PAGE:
Both ends of those businesses have become very big businesses for Scientific-Atlanta, including all the middle parts. So I took Scientific-Atlanta from what I call first generation cable television--which was off the air antennas, high towers with antennas trying to pick up signals all around--well into the second generation. A part of that first generation was the microwave signal importation. The second generation was satellite earth stations, pay television, subscription television into forty channel systems, into urban systems. Satellite communications took cable television from community antenna to urban systems to fifty channel systems.
Once we had the programming via satellite to feed the fifty channel systems, which we did in the late '70s, then there was a big demand for fifty channel converters. Then the concept of addressability came in. So the second generation was satellite-delivered programming, fifty channel addressable systems, which created a big demand for earth stations, headend equipment, amplifiers, and set-top terminals.
We, as a company, delayed the development of set-top terminals for a long time because we weren't clear that we had anything to bring to that. It looked to us in the early days like a consumer commodity product. But when addressability came in and scrambling came in and encryption came in, it became very complicated. I remember another meeting with Monty Rifkin at the airport in Atlanta where Monty said to Jay Levergood and me, "Sid, you guys have got to get into the converter business. The industry needs fifty channel addressable converters. The reliability is bad. The security is bad. We need Scientific-Atlanta to be in this business badly."
We were not anxious to get into that. We were busy with headend equipment, we were busy with satellite earth stations, and we were busy making inroads into the distribution electronics--the amplifiers--which took us a long time to get profitable. They were just starting to get profitable. But somewhere around 1979, we agreed that we would develop the famous 6700 converter, which is a drama in itself.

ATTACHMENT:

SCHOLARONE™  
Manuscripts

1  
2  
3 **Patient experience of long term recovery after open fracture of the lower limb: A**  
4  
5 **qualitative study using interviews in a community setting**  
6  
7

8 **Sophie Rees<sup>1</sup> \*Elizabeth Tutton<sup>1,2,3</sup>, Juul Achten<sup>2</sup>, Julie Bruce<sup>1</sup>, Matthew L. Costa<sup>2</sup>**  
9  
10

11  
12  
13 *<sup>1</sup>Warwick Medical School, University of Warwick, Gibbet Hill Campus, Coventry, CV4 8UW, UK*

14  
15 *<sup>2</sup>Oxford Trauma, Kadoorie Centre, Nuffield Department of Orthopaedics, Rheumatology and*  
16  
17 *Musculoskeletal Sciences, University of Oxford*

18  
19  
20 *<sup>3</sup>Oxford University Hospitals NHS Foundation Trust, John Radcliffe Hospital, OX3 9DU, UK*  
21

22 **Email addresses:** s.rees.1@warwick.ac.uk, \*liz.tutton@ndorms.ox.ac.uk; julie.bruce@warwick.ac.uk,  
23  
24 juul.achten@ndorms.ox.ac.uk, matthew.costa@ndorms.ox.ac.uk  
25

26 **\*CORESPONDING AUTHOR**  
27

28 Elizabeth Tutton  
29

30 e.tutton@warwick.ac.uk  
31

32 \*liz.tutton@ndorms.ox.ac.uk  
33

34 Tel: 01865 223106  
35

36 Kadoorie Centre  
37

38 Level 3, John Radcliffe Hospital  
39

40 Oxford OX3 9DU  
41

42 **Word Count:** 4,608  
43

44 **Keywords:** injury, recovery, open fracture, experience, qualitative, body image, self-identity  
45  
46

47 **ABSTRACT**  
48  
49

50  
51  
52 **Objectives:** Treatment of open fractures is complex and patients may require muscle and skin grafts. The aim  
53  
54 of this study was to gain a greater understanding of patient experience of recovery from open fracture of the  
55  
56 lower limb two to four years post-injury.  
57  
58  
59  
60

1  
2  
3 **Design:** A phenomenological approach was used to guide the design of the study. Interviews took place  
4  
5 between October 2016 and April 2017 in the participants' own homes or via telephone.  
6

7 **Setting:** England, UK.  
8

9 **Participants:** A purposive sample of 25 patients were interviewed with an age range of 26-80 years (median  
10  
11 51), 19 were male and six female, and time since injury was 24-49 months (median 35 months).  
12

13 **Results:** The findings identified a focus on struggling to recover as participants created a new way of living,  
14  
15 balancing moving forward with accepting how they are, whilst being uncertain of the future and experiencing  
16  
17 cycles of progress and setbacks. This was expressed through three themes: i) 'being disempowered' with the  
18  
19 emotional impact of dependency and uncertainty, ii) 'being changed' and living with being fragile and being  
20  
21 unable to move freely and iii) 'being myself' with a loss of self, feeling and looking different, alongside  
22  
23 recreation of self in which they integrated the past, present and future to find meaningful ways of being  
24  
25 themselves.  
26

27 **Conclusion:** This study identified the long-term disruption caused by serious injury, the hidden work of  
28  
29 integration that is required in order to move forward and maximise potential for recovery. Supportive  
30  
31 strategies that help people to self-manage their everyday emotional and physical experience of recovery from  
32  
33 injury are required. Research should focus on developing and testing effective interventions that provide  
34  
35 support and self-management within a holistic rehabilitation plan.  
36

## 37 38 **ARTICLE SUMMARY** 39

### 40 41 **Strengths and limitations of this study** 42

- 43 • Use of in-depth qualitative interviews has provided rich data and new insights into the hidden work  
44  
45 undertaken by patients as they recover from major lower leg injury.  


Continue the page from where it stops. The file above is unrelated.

SMITH: Tell us about the drama.
TOPOL: We were a company that was very, very successful in building products, being in the right place at the right time, being ahead of the market both with the product and the ability to deliver reliable products. But the products we were making were in quantities of tens of thousands and the converter business gets you into quantities of a million a year. Thousands a week, thousands a day. We explored that challenge.
At that time, we had Jack Kelly, who was the chief operating officer, who had a good manufacturing background. Working for Jay Levergood, at the time, was a chap by the name of Larry Bradner, who was a Harvard Business School graduate who spent most of his career in operations and manufacturing. He became the project engineer or program manager of the 6700 converter. We launched the design of this converter. We visited as many factories as we could.
By this time we had started to get into automatic insertion equipment and automatic testing equipment. We were convinced, at the time, that we could lay out a complete converter on a single printed circuit board and insert all of the components and test it automatically and build it in the United States in Atlanta. We subsequently built a factory and designed the product. We introduced the 6700, I believe, in December of 1979 at the Western Cable Show.
That type of franchising in the big cities, at that time, was ferocious. All the big MSOs who were in the franchising business had to make big promises to the cities, as you know.
SMITH: Yes they did. Excessive promises.
TOPOL: At that time, the whole converter business went rapidly from twenty channels to thirty to forty to fifty. From mechanical tuning with sliding devices and switches to electronic tuning to addressability to digital control to remote control--all in a period of two or three years.
SMITH: The 6700 was a how many channel converter?